Anglers across the country are bracing themselves for a winter of bitter fishing conditions as the earliest snow and sub-zero temperatures for 13 years hit the UK.
With some parts of Britain experiencing temperatures nearing minus 20 degrees Celsius, waters have been frozen nationwide, leading to deserted banks and a host of cancelled matches.
The extreme weather has left many in the angling community fearing a repeat of last year’s big freeze, which not only led to months of hardship on the bank, but a large number of fish deaths as waters suffocated under the blanket of ice.
“We’re completely frozen over here,” Alan McDiermid, owner of Makins Fishery in the Midlands, told Angling Times. “We’ve had just four anglers all week, although plenty have come into the car park, taken one look at the ice and driven back out again.
“The ice is a concern because we had more fish deaths than usual last year during the freeze. All we could do was break the ice every day, but we also had worries over whether the shock of doing that actually caused more damage to the fish than the ice itself.” Angel of the North Lakes in County Durham is also suffering as the temperatures plummet. “We haven’t had an angler here in a week,” fishery technician Rick Bennett told AT. “The lakes are frozen with 10 inches of snow on them.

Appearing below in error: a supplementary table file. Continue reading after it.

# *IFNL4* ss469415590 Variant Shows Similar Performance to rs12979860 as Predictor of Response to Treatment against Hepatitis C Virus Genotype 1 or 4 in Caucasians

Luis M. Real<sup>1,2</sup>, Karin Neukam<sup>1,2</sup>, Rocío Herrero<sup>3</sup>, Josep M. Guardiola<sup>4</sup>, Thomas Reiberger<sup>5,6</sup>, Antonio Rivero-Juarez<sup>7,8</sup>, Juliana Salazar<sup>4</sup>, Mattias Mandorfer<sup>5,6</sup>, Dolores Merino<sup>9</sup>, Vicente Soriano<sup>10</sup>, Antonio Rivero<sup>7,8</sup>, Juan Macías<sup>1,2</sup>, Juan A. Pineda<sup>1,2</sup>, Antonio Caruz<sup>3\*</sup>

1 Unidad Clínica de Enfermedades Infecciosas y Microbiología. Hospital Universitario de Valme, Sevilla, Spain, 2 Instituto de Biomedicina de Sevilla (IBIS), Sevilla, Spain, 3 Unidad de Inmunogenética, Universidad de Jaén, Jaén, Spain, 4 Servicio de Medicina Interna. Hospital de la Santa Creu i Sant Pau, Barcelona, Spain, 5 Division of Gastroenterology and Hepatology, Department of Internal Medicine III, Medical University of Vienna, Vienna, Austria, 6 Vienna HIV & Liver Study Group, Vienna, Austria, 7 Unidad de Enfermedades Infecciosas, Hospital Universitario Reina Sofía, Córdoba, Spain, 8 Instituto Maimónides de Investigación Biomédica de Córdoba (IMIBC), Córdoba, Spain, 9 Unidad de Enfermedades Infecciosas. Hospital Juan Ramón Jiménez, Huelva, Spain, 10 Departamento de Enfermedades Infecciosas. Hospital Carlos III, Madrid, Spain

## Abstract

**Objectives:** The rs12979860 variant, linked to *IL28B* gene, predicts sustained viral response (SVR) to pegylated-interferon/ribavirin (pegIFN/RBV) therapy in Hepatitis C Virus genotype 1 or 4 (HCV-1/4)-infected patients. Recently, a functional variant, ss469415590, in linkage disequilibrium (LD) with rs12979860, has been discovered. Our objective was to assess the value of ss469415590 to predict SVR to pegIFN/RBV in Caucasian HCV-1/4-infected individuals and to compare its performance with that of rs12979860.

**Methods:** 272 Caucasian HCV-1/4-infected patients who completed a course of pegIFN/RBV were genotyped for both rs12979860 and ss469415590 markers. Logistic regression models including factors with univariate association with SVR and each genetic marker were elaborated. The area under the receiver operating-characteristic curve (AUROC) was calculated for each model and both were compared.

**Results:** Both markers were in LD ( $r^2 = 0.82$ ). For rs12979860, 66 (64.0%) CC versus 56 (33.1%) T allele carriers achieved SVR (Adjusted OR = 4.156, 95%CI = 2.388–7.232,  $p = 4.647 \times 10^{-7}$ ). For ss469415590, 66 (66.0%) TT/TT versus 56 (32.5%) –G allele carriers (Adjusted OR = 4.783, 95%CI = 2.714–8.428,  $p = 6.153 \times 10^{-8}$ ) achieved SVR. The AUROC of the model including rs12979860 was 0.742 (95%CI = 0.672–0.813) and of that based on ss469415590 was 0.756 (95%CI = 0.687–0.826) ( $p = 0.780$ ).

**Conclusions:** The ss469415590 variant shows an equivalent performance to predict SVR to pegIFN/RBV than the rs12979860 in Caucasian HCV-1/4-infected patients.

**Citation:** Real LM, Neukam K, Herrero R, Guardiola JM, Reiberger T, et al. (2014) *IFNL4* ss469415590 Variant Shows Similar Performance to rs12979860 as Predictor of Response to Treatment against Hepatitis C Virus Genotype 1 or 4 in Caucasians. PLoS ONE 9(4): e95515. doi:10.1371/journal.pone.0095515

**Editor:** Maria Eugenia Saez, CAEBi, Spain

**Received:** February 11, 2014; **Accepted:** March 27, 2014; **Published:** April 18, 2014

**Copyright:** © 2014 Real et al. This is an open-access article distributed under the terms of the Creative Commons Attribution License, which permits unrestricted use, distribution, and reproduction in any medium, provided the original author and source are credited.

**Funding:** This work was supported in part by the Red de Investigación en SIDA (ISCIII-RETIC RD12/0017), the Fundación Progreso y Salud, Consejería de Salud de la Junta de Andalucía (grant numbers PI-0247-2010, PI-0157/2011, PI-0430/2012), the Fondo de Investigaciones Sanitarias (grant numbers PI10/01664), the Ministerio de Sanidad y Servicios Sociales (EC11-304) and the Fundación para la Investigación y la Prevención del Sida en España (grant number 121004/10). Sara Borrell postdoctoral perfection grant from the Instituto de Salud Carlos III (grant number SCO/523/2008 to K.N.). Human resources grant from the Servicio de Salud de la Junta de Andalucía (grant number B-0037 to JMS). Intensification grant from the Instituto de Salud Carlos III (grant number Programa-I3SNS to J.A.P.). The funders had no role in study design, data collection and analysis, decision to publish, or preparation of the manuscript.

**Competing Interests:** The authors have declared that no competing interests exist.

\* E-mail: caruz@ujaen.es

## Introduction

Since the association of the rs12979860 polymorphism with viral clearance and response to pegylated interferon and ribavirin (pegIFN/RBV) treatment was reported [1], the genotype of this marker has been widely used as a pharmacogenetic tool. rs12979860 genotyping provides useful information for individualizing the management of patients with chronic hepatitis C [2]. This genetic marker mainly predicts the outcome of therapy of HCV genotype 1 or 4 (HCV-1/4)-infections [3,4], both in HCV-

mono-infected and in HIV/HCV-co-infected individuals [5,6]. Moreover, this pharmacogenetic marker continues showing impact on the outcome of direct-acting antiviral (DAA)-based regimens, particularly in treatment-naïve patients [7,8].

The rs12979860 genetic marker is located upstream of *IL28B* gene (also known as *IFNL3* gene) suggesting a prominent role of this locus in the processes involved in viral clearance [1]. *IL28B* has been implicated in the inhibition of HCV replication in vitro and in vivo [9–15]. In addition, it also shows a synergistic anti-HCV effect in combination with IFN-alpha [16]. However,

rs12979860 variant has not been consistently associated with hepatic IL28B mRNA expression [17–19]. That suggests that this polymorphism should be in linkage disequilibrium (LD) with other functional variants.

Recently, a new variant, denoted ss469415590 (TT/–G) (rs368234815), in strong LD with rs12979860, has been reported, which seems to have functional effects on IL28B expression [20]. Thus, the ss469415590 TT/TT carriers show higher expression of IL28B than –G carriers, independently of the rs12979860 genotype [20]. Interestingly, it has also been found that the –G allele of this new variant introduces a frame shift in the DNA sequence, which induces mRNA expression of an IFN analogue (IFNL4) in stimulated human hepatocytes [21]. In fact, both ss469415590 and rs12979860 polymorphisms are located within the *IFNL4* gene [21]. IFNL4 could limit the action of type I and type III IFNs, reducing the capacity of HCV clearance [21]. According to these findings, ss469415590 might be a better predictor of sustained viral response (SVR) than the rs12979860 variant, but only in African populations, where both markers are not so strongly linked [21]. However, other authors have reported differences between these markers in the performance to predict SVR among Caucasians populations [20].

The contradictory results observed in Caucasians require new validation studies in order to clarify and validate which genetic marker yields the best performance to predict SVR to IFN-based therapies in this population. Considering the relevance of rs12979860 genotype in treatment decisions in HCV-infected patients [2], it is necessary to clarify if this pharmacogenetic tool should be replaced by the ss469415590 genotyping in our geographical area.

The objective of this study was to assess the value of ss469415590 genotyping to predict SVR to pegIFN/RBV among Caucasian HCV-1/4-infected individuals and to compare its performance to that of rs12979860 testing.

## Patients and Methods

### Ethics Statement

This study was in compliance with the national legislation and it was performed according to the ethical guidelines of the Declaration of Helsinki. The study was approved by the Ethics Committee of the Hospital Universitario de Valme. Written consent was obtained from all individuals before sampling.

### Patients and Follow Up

We had a few fish deaths last year due to the ice, but not too many. We prefer to break the ice just once a week as we think the vibrations caused from smashing it can cause damage to the fish.” One fishery that’s taking the freezing conditions in its stride, though, is Lindholme Lakes in Doncaster.
“We’re a bit more prepared for the ice this year,” fishery boss Neil Grantham told AT. “I’m leaving our paddle aerators on each of the lakes running 24 hours a day to keep the water moving. That keeps 50 per cent of the pegs free of ice and protects our stocks. I’d advise all fisheries to do it if they can.” Those looking for a thaw any time soon could well be disappointed. According to the Met Office the low temperatures are here to stay for a good while.
“Normally, our winds come from the west, keeping our winters relatively mild,” said the Met Office’s Chief Meteorologist, Ewen McCallum. “However, just like last winter, we’ve seen a large area of high pressure develop in the Atlantic, causing a ‘block’ to the westerly winds that tend to keep us that little bit milder. This has allowed cold Arctic air to move south across mainland Europe. As we head into December there appears to be no abrupt end to this cold and snowy weather for some time.”